The ground and nature of religious belief in the work of John Macmurray, John Baillie and John Oman, with special reference to their understanding of the relation between ordinary experience and religious belief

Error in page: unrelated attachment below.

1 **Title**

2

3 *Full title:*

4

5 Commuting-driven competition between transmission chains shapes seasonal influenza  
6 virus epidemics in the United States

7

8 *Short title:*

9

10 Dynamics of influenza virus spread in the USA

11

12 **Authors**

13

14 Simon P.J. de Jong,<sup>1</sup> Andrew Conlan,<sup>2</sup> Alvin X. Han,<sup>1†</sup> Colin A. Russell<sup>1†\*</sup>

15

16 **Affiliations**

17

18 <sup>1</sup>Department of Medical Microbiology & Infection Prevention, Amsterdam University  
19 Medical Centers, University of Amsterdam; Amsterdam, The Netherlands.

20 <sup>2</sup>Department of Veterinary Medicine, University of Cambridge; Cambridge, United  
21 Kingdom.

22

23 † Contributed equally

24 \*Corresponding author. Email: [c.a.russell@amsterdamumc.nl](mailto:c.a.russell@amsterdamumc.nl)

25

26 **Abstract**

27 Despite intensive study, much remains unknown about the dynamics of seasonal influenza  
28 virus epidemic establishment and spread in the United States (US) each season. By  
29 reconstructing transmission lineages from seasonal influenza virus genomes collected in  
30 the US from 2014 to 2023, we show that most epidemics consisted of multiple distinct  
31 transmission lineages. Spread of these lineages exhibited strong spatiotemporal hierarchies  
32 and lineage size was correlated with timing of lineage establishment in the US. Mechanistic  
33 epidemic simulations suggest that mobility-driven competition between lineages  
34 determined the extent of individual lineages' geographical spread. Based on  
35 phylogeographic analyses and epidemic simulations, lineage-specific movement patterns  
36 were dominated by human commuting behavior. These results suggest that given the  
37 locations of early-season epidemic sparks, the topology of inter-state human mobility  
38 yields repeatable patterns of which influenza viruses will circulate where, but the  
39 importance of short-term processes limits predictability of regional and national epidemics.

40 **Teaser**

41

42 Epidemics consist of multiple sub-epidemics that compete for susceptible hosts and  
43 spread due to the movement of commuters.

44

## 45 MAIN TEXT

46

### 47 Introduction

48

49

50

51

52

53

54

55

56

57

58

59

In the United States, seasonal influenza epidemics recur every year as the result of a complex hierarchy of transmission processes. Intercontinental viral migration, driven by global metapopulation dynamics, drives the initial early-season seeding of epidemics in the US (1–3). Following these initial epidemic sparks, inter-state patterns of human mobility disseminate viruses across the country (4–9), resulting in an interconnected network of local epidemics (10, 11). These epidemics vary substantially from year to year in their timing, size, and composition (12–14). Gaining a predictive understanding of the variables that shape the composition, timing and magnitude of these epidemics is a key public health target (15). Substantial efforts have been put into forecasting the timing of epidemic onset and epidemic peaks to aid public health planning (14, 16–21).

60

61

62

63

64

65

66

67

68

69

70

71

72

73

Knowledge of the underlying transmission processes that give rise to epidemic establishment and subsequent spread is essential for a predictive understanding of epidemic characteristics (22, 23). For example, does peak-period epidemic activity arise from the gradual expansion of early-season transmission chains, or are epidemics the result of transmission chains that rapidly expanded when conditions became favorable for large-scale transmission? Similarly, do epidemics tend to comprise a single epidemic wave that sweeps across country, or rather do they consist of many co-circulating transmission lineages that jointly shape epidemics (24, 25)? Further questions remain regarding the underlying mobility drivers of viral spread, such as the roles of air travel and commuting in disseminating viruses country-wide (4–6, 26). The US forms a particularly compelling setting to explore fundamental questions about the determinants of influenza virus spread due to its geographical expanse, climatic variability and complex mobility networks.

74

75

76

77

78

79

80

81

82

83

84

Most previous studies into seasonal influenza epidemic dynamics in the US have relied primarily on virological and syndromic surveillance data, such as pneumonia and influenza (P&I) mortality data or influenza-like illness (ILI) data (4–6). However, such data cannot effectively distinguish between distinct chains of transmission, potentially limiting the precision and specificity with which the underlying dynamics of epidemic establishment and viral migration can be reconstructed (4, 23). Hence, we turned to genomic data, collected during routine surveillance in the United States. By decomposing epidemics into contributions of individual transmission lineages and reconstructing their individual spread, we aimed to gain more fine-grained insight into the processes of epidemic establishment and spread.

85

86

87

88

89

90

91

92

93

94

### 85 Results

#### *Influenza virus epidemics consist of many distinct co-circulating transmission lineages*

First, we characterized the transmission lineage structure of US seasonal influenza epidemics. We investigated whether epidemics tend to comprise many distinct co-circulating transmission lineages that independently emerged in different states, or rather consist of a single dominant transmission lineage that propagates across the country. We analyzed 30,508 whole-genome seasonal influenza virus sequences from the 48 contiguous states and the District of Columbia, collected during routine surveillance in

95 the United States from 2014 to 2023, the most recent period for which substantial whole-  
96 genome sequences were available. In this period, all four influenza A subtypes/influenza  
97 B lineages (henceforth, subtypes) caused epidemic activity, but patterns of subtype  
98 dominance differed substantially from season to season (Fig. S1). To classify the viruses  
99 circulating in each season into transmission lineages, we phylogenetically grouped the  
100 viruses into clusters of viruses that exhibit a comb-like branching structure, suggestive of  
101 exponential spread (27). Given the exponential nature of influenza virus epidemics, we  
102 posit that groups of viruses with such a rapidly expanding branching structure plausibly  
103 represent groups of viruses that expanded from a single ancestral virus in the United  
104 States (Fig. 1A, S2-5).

The study expounds the views of Macmurray, Baillie and Oman on religious belief in the context of their other epistemological, anthropological and theological convictions. It is shown that each of the writers argues that religious belief is a response to a feature of everyday experience (human alienation, moral intuition and the sense of the holy respectively), that each of them takes the view that religious belief functions in order to achieve a valued end (community, willing obedience to divinely ordained duties and the on-going development of moral personality) which is regarded as both the will of God and essential to human flourishing, and that they also hold that religious beliefs may be confirmed in relation to the valued end which they aim to promote. I argue that whilst each is not without their lacunas and inadequacies, the three writers provide insights which may be useful in understanding religious belief in a Christian context. I maintain, for instance, that Macmurray's argument that religion is a derivative response to a critical dimension of ordinary experience is an illuminating perspective. Again, it is argued that there are resources in Baillie's work to help in the articulation of the view that Christian belief is a response to an a priori encounter with the divine presence in experience. Again, Oman's emphasis on the role of feeling in the disclosure of the divine is plausible, and his analysis of the nature of religious belief is particularly rich in illuminating insights. An important argument that runs through the thesis is that it is plausible to think that there are preconceptual experiences that are cognitively important. In this sense, the study aims to help underpin an experiential approach in the face of those critics who deny the conceptual possibility of such primal experiences.